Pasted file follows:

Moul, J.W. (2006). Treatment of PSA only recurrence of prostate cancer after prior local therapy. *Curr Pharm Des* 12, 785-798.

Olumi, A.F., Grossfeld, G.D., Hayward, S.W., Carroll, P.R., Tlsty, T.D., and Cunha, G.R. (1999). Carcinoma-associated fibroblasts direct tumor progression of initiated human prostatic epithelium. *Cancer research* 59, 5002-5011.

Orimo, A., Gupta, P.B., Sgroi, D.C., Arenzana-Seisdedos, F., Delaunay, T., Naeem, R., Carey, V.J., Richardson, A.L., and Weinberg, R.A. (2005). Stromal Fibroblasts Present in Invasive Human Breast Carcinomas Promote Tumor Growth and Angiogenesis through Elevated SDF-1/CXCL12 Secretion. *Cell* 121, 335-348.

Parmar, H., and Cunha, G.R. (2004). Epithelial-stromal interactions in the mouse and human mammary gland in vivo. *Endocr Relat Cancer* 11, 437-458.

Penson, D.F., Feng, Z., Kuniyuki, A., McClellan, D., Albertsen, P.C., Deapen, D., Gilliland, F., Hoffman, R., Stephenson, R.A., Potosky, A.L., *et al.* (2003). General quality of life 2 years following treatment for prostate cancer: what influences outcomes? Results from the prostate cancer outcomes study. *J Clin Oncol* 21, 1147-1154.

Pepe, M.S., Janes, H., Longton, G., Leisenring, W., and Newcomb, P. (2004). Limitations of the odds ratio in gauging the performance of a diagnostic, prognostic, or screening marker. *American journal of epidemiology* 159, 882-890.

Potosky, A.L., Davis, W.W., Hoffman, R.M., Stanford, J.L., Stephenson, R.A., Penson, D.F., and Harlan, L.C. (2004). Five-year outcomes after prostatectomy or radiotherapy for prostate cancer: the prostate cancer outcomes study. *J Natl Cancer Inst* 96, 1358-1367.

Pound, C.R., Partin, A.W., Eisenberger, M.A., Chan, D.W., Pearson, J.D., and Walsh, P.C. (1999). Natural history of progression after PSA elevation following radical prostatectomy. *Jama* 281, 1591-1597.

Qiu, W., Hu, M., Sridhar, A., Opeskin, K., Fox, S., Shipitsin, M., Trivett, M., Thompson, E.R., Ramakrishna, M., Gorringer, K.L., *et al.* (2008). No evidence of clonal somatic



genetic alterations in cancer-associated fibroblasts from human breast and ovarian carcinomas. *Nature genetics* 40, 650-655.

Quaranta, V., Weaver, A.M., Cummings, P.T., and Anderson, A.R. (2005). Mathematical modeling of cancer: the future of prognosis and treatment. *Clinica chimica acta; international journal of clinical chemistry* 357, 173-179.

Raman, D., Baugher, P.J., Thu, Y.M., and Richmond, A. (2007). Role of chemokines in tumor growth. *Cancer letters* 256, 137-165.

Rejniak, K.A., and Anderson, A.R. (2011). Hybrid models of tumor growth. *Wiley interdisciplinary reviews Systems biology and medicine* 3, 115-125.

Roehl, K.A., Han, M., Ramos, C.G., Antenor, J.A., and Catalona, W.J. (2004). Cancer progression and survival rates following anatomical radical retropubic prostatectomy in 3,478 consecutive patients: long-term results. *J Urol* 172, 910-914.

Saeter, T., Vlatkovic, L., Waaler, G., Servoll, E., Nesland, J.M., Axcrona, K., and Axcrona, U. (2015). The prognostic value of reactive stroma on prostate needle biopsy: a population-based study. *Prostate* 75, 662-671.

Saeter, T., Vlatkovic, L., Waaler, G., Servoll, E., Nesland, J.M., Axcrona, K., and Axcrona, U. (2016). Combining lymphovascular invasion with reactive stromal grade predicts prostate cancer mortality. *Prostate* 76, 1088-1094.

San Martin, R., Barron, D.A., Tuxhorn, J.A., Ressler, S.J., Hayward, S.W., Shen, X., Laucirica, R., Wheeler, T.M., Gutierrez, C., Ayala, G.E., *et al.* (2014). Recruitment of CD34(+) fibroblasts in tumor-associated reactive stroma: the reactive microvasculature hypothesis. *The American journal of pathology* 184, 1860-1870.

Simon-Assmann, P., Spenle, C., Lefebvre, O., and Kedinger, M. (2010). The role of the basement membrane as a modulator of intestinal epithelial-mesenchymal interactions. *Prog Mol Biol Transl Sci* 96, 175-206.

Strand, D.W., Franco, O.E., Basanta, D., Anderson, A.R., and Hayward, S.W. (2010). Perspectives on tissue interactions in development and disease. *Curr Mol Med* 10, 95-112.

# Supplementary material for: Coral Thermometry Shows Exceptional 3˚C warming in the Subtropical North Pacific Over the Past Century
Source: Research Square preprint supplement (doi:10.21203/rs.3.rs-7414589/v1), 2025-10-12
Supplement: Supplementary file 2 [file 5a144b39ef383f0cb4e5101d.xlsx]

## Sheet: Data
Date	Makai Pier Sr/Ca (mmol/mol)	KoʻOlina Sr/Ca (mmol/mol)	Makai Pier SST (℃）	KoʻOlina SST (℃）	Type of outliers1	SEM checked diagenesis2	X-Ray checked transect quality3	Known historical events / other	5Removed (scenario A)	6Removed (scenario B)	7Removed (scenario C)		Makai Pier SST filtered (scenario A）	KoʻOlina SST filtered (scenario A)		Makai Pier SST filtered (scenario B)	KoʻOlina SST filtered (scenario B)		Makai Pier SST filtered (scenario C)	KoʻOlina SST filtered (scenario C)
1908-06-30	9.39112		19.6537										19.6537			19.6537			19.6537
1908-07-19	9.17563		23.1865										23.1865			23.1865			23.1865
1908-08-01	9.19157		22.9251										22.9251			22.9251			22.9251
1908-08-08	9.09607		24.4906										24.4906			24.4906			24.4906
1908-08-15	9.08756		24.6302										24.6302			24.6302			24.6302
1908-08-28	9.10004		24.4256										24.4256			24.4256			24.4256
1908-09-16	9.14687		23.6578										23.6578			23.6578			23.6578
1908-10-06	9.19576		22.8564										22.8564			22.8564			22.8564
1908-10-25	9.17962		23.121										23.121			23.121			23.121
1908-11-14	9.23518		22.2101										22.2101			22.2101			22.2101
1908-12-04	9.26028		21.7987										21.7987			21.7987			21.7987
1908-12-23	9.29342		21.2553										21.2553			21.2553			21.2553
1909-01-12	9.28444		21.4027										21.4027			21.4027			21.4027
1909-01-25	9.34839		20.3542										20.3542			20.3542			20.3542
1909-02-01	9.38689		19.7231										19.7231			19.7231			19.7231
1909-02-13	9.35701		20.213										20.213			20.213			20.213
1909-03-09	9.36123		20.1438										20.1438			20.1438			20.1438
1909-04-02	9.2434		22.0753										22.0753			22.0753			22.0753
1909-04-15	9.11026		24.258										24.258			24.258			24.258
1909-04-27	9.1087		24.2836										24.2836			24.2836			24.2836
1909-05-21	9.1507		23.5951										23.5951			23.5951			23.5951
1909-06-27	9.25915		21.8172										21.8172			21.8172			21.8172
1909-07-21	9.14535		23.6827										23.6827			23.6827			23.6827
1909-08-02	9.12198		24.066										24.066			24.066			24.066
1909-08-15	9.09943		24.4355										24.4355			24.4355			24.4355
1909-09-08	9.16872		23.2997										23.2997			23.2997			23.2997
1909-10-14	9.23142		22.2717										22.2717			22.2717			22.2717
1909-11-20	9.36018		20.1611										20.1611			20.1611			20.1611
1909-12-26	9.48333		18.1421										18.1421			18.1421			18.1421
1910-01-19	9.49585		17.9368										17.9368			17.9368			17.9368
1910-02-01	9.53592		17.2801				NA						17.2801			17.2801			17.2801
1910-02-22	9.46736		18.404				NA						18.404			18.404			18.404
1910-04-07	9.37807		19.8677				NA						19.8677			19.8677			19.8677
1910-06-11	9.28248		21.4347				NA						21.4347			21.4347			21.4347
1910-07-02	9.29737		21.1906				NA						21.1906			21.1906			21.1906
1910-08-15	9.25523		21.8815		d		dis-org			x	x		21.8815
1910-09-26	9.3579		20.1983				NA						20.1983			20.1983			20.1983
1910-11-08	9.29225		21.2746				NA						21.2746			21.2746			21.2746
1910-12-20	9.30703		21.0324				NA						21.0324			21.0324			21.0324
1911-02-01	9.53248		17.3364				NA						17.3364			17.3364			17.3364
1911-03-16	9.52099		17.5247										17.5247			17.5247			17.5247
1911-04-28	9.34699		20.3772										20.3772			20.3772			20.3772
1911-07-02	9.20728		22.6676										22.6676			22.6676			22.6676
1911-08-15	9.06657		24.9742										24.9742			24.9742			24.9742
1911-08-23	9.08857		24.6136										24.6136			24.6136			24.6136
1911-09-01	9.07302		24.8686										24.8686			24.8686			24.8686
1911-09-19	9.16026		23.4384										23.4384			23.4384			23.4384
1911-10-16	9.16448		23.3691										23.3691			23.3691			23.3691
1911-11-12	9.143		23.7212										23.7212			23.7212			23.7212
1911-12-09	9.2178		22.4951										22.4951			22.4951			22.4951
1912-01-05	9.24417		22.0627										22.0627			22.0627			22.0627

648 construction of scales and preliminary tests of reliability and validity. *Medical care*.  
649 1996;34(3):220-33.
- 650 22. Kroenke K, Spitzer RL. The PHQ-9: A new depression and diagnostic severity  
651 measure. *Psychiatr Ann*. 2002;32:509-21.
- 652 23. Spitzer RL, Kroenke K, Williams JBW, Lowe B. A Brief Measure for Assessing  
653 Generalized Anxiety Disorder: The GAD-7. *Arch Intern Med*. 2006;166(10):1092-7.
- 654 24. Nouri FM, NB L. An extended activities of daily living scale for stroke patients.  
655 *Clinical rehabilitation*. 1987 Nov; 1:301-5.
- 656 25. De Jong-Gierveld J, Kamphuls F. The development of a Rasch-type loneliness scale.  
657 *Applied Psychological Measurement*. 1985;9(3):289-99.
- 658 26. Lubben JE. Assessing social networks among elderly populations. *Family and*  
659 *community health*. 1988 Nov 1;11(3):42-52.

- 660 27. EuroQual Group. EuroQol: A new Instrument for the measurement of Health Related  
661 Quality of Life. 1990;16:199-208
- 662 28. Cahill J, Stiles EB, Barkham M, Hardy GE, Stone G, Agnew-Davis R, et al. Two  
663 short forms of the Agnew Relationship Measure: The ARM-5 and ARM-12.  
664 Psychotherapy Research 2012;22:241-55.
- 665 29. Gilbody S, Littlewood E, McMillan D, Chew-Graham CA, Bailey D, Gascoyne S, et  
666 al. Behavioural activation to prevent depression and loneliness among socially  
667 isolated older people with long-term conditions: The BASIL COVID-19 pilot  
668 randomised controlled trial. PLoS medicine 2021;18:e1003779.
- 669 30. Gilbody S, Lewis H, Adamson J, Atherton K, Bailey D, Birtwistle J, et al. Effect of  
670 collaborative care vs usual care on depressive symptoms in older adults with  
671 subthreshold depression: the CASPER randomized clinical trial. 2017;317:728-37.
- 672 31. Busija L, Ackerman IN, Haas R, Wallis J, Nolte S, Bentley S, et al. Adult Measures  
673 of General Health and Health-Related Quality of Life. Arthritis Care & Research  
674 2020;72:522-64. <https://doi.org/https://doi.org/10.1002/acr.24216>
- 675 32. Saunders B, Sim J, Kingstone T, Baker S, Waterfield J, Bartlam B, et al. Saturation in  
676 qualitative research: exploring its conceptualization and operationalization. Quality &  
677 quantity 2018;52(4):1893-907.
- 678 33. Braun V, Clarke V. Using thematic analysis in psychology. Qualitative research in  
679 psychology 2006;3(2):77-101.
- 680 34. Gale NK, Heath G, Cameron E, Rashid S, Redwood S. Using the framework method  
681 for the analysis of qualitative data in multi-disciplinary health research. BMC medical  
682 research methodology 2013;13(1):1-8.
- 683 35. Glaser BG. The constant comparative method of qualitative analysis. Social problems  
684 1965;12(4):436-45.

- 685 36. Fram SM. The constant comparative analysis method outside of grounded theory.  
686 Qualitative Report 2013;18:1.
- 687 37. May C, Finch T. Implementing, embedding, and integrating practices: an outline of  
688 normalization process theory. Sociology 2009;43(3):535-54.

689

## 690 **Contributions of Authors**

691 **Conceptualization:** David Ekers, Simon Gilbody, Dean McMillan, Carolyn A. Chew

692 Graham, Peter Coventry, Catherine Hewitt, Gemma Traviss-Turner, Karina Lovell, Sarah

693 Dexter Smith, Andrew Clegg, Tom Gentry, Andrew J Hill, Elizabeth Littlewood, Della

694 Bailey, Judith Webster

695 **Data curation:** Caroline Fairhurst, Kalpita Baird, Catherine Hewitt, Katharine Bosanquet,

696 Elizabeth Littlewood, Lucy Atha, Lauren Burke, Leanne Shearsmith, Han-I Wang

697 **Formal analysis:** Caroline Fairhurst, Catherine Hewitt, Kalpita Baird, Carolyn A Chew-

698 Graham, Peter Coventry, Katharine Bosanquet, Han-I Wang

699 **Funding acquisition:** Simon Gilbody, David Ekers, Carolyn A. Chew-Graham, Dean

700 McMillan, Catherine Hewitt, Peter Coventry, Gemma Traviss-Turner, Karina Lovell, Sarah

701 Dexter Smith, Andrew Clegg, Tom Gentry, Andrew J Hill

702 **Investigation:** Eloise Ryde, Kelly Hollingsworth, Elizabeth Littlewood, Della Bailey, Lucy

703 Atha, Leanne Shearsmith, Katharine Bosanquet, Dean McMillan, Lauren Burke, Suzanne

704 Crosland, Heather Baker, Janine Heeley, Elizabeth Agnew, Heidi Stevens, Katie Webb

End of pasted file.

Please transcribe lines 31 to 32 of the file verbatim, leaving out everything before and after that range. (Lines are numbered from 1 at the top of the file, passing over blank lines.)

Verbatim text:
1908-09-16	9.14687		23.6578										23.6578			23.6578			23.6578
1908-10-06	9.19576		22.8564										22.8564			22.8564			22.8564